My fault, of course it runs on regular leaded fuel with 92RON. Sorry for the confusion.

I thought that car was ready for newer unleaded fuel.

1953-1956 Zelos (T22)

The Zelos (T22) is a sports car that was produced by Merano from 1953 to 1956.

With it, Merano created a bespoke, ultra-luxurious, powerful automobile for the factory’s most dedicated, discerning, and wealthy clients.

The Zelos would utilize only the best of Merano, straddling the line between hand-built manufacturing and mass-production processes.

Many mechanical components were sourced from the Demeter (T12), including the 2.5l overhead camshaft inline six-cylinder engine, which was upgraded with three carburettors. Delivering a considerable 145hp, the Zelos offered exhilarating performance wrapped in elegant bodywork formed from lightweight aluminium.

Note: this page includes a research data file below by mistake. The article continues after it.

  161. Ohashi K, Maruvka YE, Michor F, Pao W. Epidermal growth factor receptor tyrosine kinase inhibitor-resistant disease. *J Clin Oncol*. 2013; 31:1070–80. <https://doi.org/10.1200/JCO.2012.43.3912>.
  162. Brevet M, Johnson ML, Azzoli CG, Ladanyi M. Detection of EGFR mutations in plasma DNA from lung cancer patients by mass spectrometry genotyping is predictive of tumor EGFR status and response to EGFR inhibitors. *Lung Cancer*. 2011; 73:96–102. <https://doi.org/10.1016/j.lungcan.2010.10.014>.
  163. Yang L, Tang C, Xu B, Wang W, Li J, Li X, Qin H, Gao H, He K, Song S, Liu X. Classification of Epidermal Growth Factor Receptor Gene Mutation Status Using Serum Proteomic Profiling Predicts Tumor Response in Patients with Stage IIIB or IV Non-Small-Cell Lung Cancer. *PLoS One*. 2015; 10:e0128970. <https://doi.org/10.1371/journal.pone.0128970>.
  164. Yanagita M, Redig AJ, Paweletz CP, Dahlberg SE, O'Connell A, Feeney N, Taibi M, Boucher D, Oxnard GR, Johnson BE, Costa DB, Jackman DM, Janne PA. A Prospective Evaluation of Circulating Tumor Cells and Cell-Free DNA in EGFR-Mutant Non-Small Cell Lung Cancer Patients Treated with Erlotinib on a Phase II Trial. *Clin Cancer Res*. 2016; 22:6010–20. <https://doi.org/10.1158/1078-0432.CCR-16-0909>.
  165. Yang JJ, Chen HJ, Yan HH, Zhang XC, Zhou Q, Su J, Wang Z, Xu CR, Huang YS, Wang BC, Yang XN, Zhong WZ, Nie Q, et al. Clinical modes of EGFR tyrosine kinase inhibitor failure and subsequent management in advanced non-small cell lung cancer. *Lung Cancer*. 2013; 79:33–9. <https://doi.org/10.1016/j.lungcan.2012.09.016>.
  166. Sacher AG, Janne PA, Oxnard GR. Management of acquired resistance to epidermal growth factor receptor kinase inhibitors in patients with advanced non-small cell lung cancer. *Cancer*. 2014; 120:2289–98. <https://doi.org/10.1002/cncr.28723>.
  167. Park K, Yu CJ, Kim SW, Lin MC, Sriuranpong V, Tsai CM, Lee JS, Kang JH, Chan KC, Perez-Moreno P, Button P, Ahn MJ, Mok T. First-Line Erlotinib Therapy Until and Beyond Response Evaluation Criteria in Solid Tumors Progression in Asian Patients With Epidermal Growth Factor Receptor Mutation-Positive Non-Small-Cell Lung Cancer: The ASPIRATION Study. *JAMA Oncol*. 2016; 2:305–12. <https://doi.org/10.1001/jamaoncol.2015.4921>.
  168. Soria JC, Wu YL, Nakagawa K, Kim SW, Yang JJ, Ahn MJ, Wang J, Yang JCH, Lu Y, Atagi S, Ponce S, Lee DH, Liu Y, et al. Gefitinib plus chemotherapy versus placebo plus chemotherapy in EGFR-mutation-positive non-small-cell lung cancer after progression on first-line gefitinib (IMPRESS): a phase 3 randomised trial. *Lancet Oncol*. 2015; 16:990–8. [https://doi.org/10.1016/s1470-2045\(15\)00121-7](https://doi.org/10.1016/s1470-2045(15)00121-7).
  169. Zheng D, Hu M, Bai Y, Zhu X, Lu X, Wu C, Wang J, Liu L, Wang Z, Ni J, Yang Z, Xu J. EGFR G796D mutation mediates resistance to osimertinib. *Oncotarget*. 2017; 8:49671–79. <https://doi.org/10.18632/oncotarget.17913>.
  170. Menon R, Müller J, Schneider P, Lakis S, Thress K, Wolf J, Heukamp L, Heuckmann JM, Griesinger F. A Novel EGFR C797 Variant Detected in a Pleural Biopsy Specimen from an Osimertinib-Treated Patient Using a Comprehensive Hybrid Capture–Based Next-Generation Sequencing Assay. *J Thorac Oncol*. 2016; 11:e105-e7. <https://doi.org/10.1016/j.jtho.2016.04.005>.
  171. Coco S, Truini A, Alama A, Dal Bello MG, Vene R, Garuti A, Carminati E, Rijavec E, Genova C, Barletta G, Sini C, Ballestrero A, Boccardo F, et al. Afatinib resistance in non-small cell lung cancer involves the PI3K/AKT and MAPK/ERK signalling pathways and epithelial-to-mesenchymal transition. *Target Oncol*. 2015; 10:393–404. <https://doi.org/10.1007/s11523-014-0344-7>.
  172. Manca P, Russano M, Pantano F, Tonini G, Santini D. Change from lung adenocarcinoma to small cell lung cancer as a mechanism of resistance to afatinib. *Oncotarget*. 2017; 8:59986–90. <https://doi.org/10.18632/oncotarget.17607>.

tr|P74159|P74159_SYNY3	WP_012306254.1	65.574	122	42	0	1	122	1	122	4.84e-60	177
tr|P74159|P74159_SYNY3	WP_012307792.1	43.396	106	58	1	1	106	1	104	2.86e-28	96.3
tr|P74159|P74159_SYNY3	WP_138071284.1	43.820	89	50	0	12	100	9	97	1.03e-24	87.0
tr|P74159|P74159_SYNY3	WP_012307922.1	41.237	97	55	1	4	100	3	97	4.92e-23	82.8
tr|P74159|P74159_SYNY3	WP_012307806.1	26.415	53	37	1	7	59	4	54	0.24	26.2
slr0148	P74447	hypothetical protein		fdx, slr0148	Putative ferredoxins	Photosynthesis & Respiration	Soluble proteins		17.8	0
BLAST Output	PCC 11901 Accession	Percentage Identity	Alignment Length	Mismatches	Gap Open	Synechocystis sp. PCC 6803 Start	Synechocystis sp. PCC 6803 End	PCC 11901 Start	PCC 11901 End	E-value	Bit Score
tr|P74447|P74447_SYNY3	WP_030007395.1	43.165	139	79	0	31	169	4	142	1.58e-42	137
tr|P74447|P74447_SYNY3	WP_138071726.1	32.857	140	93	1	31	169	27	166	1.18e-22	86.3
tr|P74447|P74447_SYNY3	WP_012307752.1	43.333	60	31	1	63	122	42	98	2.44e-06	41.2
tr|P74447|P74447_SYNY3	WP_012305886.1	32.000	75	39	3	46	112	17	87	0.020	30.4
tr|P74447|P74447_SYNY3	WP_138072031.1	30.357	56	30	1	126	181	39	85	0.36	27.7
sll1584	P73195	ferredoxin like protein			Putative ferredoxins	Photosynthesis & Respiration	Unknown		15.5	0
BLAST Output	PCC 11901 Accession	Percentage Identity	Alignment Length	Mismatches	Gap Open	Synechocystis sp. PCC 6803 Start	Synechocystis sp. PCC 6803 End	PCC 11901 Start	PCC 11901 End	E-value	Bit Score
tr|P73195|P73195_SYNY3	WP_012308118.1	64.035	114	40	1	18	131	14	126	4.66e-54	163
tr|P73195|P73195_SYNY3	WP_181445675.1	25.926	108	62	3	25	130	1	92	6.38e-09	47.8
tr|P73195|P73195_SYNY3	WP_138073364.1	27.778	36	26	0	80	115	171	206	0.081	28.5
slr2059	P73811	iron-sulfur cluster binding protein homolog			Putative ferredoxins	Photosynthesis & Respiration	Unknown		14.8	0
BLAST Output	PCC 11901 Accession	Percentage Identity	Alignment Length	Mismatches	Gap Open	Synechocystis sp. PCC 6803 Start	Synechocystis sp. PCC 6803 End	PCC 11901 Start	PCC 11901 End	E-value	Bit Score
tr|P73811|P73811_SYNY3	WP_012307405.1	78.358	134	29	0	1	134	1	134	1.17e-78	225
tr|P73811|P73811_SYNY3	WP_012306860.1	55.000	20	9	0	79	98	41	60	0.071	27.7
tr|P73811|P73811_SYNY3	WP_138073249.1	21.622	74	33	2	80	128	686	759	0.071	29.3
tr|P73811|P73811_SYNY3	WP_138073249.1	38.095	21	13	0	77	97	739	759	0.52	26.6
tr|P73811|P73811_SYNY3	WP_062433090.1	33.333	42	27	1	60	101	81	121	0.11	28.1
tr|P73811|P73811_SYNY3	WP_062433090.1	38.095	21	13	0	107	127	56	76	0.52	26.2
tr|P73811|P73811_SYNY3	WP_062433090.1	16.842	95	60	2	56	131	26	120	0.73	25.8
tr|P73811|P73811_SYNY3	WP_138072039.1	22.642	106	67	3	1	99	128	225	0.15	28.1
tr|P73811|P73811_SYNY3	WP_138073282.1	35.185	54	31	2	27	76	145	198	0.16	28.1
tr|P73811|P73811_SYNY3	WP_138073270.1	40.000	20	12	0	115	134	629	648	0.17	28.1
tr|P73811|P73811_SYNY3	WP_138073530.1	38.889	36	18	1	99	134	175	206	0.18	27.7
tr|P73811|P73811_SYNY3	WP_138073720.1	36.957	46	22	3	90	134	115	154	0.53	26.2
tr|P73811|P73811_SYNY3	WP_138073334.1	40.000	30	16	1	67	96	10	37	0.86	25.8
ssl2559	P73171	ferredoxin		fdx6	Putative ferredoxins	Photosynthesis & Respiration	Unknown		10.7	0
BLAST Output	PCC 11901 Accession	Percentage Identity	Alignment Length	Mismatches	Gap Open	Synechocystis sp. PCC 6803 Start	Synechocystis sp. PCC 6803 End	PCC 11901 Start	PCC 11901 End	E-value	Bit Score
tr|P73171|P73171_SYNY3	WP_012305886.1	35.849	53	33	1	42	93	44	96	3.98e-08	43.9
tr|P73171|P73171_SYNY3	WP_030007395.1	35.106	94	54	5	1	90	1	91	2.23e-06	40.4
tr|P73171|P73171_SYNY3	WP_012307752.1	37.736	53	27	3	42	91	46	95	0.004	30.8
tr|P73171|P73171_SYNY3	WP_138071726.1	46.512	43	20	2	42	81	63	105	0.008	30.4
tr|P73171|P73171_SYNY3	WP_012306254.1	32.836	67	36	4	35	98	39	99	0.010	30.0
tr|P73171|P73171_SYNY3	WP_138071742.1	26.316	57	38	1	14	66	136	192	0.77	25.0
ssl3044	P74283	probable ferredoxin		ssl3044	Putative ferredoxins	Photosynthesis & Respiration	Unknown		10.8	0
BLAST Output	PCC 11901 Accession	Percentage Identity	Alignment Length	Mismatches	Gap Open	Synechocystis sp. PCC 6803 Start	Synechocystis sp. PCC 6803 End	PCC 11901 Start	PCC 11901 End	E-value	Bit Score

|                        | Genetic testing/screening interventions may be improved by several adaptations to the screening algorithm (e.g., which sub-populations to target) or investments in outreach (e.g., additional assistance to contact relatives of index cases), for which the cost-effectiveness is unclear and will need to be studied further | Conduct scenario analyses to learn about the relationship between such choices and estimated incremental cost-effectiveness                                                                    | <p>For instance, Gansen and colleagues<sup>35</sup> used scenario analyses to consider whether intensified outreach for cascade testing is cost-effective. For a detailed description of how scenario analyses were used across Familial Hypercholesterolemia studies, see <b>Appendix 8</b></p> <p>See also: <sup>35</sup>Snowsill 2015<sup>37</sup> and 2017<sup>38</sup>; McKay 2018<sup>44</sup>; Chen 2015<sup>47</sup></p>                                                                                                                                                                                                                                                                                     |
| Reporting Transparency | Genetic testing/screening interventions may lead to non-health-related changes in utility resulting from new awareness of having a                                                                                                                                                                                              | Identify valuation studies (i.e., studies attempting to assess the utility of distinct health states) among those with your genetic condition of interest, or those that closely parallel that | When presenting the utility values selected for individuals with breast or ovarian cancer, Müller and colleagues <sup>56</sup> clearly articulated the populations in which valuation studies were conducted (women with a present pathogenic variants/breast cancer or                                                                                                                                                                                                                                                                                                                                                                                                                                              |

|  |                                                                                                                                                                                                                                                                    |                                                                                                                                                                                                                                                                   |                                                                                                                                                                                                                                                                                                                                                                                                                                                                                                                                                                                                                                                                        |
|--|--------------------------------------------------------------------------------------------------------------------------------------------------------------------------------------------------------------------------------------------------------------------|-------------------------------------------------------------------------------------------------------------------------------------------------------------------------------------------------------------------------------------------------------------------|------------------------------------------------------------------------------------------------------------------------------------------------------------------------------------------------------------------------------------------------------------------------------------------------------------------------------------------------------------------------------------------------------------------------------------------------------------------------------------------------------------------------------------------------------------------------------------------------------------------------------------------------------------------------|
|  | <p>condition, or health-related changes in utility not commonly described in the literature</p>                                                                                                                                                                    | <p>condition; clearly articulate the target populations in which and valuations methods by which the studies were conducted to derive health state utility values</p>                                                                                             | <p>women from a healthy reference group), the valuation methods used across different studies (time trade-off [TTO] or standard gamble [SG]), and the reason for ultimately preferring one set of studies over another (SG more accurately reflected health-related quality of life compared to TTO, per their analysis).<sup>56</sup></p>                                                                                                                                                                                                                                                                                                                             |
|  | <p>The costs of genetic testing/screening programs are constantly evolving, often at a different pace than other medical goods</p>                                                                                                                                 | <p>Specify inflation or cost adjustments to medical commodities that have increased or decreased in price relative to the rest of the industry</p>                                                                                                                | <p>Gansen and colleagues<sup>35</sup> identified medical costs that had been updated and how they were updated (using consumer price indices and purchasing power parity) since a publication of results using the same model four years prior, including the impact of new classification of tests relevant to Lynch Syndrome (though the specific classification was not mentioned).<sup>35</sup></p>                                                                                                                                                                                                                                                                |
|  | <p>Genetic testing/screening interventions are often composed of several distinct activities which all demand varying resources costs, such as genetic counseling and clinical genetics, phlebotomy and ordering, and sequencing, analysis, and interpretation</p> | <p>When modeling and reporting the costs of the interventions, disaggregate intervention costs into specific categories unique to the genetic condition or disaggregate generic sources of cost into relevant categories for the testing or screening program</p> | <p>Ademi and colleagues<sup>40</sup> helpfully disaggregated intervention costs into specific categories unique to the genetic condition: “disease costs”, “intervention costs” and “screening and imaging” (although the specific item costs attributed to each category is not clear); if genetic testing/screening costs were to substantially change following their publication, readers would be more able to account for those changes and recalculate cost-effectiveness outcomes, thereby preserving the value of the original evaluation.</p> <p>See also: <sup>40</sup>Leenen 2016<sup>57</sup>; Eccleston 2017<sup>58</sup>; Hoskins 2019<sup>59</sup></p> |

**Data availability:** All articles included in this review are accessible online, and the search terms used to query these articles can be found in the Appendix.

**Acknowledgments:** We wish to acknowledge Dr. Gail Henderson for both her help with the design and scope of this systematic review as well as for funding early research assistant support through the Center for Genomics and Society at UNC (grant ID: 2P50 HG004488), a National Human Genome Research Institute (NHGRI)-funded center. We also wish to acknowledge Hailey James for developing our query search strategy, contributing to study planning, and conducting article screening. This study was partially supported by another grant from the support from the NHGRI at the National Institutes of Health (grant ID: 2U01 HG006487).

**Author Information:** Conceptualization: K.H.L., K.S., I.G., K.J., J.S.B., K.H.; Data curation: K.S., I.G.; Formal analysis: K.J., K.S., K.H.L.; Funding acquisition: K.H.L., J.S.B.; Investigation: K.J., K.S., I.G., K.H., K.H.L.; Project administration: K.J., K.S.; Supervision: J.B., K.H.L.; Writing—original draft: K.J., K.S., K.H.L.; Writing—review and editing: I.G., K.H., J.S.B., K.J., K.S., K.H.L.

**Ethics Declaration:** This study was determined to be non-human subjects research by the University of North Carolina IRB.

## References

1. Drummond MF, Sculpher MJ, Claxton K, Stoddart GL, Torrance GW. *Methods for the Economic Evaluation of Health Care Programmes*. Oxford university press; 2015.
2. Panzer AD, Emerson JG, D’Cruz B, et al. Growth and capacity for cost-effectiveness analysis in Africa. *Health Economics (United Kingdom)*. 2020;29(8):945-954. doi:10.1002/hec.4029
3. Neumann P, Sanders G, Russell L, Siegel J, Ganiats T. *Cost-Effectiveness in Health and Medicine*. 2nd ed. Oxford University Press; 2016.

Like most sophisticated chassis of the time, the T22 also lent itself handsomely to custom coachwork. The unibody construction was therefore specifically designed to allow coachbuilders to rebody it.

No more than 139 units of the T22-chassis are believed to have been built between 1953 and 1956. Of those, only 90 were delivered with the factory-fitted bodywork, in both Coupé and Spider configurations.
Despite the low production numbers, the Zelos (T22) remains one of the marque’s most legendary motor cars to this day.


Zelos 2500

Merano M60-25D SOHC 12V Inline 6 with cast iron block and cylinder heads
2,497cc - Bore: 78.5mm; Stroke: 86.0mm
Three down draft carburettors
Compression ratio: 9.2:1
145hp @ 5300rpm
215Nm @ 4000rpm
RPM limit: 5800rpm

FR layout
4-speed manual transmission
Final drive ratio: 4.07:1

Total weight: 981kg
0-100 km/h: 9.0s
Top speed: 197 km/h
Fuel consumption: 17.1L/100km